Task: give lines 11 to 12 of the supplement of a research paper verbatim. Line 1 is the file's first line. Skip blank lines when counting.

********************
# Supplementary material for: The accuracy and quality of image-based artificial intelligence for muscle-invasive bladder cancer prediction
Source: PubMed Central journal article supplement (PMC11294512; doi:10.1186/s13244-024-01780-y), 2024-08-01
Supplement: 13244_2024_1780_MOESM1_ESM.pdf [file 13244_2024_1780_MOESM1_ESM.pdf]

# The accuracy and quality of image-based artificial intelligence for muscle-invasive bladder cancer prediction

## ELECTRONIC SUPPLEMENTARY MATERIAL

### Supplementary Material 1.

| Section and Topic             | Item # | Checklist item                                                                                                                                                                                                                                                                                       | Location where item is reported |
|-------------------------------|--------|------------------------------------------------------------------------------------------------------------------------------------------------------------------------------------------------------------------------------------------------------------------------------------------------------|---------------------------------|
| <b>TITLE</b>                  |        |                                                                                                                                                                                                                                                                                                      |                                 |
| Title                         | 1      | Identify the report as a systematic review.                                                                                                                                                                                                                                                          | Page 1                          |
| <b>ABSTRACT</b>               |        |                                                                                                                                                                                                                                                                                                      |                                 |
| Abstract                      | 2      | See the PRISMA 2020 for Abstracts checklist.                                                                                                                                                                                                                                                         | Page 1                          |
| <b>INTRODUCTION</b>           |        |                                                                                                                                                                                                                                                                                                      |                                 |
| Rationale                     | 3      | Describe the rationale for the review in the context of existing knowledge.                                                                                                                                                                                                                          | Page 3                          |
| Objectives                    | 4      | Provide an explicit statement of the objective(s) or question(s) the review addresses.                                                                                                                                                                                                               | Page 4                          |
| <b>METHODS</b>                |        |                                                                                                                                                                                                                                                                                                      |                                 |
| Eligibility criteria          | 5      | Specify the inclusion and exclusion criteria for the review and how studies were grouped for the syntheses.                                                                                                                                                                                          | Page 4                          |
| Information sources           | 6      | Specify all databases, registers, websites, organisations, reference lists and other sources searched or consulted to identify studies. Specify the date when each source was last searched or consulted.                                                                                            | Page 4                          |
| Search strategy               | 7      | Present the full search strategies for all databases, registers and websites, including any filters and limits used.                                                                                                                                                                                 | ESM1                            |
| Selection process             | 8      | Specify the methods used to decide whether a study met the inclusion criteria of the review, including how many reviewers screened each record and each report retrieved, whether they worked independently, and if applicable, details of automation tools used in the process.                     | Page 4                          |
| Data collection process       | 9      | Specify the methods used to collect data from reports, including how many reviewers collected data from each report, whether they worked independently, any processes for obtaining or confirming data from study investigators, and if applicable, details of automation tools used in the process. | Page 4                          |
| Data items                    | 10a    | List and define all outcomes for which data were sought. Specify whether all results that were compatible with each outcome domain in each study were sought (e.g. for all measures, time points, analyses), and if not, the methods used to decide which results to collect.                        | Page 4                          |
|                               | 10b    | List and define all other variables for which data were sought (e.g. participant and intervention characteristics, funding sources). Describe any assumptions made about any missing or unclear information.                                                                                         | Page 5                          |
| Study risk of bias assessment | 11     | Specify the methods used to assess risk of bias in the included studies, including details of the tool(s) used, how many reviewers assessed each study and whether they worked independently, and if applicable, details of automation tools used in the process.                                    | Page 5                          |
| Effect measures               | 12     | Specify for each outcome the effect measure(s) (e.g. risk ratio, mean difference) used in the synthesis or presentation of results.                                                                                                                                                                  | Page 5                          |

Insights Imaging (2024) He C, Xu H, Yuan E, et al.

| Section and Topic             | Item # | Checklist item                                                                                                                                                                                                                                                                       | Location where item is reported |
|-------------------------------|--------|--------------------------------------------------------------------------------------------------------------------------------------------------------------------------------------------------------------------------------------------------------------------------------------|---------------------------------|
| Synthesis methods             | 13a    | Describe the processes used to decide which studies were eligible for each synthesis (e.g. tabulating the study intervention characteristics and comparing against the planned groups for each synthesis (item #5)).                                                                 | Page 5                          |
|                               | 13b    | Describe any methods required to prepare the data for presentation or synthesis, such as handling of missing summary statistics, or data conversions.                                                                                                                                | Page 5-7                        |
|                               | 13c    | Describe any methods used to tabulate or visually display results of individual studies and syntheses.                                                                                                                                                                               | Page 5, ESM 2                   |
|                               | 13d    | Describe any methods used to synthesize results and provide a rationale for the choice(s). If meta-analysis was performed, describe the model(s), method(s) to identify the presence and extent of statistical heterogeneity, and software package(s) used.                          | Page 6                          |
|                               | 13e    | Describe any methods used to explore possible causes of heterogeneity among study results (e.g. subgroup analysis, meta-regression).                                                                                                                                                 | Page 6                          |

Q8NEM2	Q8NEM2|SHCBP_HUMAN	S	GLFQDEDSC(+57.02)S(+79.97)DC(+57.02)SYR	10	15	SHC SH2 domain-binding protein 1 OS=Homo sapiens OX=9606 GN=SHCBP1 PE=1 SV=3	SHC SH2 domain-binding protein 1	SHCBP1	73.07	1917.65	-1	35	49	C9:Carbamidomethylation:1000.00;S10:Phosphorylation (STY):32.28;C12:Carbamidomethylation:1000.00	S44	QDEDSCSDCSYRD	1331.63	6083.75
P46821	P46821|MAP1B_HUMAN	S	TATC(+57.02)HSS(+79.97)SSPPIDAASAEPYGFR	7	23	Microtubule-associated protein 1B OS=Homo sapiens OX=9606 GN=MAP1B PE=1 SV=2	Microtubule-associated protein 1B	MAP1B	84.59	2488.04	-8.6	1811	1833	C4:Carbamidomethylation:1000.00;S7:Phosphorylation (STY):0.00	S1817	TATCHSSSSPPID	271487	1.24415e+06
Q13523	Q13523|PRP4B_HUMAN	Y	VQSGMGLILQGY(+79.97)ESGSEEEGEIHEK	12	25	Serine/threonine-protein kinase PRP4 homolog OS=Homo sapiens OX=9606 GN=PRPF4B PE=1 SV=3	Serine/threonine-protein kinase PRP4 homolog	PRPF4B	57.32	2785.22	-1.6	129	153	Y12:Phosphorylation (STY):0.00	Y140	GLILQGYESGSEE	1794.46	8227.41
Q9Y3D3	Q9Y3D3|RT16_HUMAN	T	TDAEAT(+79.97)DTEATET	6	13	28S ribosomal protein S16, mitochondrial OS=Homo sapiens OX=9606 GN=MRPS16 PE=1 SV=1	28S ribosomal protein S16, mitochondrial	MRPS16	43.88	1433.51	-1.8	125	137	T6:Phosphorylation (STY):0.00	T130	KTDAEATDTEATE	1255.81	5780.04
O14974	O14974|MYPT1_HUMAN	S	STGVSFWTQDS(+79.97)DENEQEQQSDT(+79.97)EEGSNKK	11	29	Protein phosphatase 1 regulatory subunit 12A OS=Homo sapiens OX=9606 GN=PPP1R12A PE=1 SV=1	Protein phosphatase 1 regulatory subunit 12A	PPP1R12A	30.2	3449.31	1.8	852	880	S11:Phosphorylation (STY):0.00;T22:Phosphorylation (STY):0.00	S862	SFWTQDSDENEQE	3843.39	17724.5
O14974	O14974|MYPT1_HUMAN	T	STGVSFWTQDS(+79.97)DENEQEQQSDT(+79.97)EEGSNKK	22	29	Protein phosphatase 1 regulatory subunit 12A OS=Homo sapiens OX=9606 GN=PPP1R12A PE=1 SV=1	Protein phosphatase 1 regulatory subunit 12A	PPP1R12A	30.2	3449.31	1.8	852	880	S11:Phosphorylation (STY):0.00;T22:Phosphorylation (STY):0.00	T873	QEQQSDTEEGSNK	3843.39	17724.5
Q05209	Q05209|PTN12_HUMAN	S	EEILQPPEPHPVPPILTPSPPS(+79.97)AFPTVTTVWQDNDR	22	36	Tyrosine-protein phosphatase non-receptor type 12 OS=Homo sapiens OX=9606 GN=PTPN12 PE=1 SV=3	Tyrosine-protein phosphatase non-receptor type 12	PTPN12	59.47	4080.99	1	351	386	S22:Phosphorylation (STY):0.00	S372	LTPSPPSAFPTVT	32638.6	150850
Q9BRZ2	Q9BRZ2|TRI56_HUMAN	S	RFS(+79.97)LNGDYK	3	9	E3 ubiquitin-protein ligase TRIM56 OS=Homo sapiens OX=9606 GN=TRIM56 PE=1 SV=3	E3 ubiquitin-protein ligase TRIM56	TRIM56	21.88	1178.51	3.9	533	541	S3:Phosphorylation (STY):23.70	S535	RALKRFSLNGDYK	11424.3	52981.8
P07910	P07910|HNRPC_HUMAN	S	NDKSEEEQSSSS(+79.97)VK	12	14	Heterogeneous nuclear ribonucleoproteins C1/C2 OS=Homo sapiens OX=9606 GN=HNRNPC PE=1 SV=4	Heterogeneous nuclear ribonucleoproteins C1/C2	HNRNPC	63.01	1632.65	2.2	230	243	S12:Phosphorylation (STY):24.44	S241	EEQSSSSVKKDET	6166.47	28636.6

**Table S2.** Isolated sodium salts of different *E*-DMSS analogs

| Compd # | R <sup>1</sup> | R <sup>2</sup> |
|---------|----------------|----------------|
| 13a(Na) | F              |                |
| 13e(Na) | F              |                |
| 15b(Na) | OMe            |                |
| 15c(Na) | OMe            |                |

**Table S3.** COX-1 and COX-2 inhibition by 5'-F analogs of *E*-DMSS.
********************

| <b>ABSTRACT</b>               |        |                                                                                                                                                                                                                                                                                                      |                                 |
| Abstract                      | 2      | See the PRISMA 2020 for Abstracts checklist.                                                                                                                                                                                                                                                         | Page 1                          |